VICE News Exclusive: The Architect of the CIA’s Enhanced Interrogation Program

 

This video contains the first ever interview with Dr. James Mitchell, “The Architect of the CIA’s Enhanced Interrogation Program.” Key findings of this interview include:

  • James Mitchell and Dr. Bruce Jessen, retired Air Force psychologist from the SERE program under contract from the CIA, created the framework for the Enhanced Interrogation Program (EIP) and waterboarded Khalid Sheikh Mohammed, Abu Zubaydah, and Abd al-Rahim al-Nashiri with the approval of the Department of Justice.
  • Some of the EIP methods included: attention grasping, walling, facial holding facial slapping, cramped confinement, wall standing, stress positions, sleep deprivation, placing insects in a confined space, and waterboarding.
  • James Mitchell noted a contradiction in America’s policies towards EIP and targeted killing through the disposition matrix in terms of collateral damage.
  • EIP was not to gain intelligence from a suspect in and of itself, but was to loosen a suspect “to facilitate to get actionable intelligence” with future debriefing. Thus, EIP was used as a “bad cop” routine to get future intelligence for a “good cop” debriefing, as noted in Jose Rodriguez in his book Hard Measures.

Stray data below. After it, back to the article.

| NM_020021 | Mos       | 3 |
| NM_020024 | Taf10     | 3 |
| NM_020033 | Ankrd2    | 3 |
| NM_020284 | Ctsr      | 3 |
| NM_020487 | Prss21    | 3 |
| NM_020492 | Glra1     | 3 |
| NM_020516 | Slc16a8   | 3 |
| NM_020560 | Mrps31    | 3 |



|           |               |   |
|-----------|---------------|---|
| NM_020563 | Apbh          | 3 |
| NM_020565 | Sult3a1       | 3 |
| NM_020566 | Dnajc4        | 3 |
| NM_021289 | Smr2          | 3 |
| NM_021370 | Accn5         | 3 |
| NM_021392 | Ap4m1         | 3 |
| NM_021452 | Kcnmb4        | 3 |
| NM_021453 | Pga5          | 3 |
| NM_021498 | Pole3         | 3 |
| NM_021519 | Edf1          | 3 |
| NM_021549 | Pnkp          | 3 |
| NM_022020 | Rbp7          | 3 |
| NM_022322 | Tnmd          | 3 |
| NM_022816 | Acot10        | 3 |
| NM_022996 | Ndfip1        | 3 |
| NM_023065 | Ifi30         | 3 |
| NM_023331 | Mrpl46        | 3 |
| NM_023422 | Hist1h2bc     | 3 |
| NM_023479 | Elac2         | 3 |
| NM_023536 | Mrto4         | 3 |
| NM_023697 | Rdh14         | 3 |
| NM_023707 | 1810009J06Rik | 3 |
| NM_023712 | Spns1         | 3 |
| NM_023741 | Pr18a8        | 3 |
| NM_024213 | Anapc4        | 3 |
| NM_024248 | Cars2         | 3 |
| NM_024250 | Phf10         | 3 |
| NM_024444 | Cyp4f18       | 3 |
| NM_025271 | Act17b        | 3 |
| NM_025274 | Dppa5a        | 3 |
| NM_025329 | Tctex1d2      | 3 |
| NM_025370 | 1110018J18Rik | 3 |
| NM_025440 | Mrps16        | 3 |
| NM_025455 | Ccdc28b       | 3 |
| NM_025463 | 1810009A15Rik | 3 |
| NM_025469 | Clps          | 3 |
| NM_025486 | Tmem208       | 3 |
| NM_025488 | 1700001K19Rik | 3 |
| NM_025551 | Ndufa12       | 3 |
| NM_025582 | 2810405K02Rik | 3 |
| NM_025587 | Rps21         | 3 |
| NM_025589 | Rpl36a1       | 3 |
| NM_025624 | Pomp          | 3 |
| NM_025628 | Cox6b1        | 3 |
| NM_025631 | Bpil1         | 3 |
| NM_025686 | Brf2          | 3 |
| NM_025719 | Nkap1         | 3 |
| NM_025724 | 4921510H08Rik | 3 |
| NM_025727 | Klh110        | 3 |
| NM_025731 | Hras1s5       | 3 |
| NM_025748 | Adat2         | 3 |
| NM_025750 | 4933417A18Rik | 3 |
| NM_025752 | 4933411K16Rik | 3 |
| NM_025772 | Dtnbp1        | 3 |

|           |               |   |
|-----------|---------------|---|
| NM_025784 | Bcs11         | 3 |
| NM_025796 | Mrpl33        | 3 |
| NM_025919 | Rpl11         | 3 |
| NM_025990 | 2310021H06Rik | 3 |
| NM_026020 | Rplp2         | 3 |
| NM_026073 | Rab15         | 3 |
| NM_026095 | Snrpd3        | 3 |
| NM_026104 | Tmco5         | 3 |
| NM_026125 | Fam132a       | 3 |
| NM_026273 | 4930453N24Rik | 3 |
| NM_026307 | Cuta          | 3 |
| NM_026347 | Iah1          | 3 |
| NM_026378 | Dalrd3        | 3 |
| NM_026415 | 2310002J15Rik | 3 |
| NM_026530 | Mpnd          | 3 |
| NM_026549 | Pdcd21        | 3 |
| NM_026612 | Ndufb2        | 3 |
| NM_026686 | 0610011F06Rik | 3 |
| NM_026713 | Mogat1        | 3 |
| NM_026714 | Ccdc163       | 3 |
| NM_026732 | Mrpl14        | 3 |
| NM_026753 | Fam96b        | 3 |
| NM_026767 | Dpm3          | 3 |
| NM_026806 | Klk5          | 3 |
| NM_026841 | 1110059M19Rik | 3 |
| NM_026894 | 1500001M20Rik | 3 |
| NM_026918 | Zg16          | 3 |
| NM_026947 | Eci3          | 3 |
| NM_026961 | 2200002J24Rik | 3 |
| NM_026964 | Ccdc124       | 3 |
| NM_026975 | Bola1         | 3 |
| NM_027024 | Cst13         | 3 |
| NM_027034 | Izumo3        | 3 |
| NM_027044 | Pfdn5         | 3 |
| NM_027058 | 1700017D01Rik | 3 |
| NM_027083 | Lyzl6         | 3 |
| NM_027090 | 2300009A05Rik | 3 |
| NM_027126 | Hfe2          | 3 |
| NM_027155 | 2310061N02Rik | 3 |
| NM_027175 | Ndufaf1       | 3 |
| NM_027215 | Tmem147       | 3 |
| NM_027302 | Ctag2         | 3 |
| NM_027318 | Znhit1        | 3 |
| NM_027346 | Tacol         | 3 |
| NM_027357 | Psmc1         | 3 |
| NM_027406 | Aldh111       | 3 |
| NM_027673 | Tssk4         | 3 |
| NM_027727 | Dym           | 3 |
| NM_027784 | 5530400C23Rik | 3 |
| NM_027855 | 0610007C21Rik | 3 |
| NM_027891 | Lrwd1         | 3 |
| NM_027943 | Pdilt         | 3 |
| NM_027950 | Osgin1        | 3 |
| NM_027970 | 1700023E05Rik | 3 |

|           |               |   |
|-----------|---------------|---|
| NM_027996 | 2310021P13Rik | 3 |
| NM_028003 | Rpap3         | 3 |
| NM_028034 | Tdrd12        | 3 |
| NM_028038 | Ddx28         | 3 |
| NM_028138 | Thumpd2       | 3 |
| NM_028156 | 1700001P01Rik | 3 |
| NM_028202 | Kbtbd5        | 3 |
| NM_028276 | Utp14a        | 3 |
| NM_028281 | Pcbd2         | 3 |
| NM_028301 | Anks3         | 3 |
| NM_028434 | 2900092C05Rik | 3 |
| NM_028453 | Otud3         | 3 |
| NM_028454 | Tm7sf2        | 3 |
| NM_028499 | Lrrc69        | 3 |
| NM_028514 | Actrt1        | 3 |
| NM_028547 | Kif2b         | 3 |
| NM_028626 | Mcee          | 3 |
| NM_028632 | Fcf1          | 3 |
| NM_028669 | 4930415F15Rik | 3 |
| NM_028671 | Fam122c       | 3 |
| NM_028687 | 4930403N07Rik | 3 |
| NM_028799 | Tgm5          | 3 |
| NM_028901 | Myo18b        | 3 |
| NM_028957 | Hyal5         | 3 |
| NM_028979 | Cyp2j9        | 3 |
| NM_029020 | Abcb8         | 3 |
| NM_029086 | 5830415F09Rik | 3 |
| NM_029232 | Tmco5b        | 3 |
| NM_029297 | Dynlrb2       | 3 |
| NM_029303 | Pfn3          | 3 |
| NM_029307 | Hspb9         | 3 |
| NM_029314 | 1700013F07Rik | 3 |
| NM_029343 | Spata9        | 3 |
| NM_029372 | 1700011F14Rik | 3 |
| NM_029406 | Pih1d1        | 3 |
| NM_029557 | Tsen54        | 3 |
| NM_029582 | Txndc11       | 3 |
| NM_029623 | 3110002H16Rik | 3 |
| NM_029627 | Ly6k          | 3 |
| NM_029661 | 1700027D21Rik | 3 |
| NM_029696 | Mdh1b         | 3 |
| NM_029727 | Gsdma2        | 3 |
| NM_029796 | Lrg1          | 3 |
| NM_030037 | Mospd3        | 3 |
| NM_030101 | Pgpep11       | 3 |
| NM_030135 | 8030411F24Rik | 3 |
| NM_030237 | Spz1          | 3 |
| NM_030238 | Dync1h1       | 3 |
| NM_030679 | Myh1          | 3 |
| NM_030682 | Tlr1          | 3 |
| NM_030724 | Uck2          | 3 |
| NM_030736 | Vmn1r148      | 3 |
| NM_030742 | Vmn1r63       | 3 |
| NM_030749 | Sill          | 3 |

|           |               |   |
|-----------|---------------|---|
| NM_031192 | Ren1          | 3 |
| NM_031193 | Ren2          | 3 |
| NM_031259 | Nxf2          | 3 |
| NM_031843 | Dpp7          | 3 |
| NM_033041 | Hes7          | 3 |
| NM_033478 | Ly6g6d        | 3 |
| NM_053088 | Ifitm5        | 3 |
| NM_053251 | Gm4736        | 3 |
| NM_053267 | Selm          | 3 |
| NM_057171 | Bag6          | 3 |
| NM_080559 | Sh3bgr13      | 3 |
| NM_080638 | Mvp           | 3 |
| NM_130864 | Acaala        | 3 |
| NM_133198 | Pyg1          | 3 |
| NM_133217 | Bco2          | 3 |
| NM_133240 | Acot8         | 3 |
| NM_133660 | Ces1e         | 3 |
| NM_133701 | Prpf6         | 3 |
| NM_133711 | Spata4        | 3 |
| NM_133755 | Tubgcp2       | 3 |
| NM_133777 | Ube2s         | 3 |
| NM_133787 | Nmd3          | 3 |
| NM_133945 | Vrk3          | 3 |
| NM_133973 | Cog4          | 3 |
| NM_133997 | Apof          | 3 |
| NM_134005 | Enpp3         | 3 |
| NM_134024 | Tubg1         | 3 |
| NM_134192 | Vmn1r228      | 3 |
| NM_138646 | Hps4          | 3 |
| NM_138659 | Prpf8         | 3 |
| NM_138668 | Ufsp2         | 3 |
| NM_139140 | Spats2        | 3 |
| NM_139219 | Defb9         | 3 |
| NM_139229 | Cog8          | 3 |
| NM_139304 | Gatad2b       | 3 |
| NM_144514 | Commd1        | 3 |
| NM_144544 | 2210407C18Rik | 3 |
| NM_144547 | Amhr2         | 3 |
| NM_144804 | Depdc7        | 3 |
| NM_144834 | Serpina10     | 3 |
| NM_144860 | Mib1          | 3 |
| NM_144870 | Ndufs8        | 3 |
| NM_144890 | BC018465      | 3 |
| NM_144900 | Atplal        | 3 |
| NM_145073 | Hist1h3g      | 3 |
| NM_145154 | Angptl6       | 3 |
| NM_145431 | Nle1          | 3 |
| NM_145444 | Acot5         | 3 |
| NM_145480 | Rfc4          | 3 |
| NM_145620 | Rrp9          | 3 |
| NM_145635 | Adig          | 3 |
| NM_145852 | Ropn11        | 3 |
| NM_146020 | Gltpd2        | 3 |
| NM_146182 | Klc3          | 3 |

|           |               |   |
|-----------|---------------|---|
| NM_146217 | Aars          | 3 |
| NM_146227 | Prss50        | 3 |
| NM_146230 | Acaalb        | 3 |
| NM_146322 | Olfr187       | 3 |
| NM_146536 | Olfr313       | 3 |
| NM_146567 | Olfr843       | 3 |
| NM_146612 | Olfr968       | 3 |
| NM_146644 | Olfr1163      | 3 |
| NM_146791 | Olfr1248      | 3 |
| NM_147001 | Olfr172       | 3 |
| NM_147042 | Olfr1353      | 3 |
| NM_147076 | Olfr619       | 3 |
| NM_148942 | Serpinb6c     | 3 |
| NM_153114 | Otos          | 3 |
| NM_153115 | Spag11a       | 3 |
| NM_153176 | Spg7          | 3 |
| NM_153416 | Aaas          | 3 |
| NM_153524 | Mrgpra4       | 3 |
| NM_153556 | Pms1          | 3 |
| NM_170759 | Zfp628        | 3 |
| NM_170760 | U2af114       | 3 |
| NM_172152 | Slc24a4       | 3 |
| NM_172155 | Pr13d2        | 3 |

• James Mitchell was exposed in a 2005 New Yorker article, and Joseph Margulies, Abu Zubaydah’s lawyer, attempted to get the psychologist’s license removed.
  • Mitchell was moved to study Islam after his friend, Don Hutchings, was abducted and killed by terrorists in the Kashmir.
  • Mitchell also noted the difference between unrestrained interrogation by U.S. allies (such as Egypt and Yemen) against restrained interrogation by U.S. personnel.

 

The New Yorker. The Experiment.” July 11, 2005. Accessed January 1, 2015.

Vice News. “Psychologist James Mitchell Admits He Waterboarded al Qaeda Suspects.” December 15, 2014. Accessed January 1, 2015.

Vice News. “VICE News Exclusive: The Architect of the CIA’s Enhanced Interrogation Program.” December 10, 2014. Accessed January 1, 2015.

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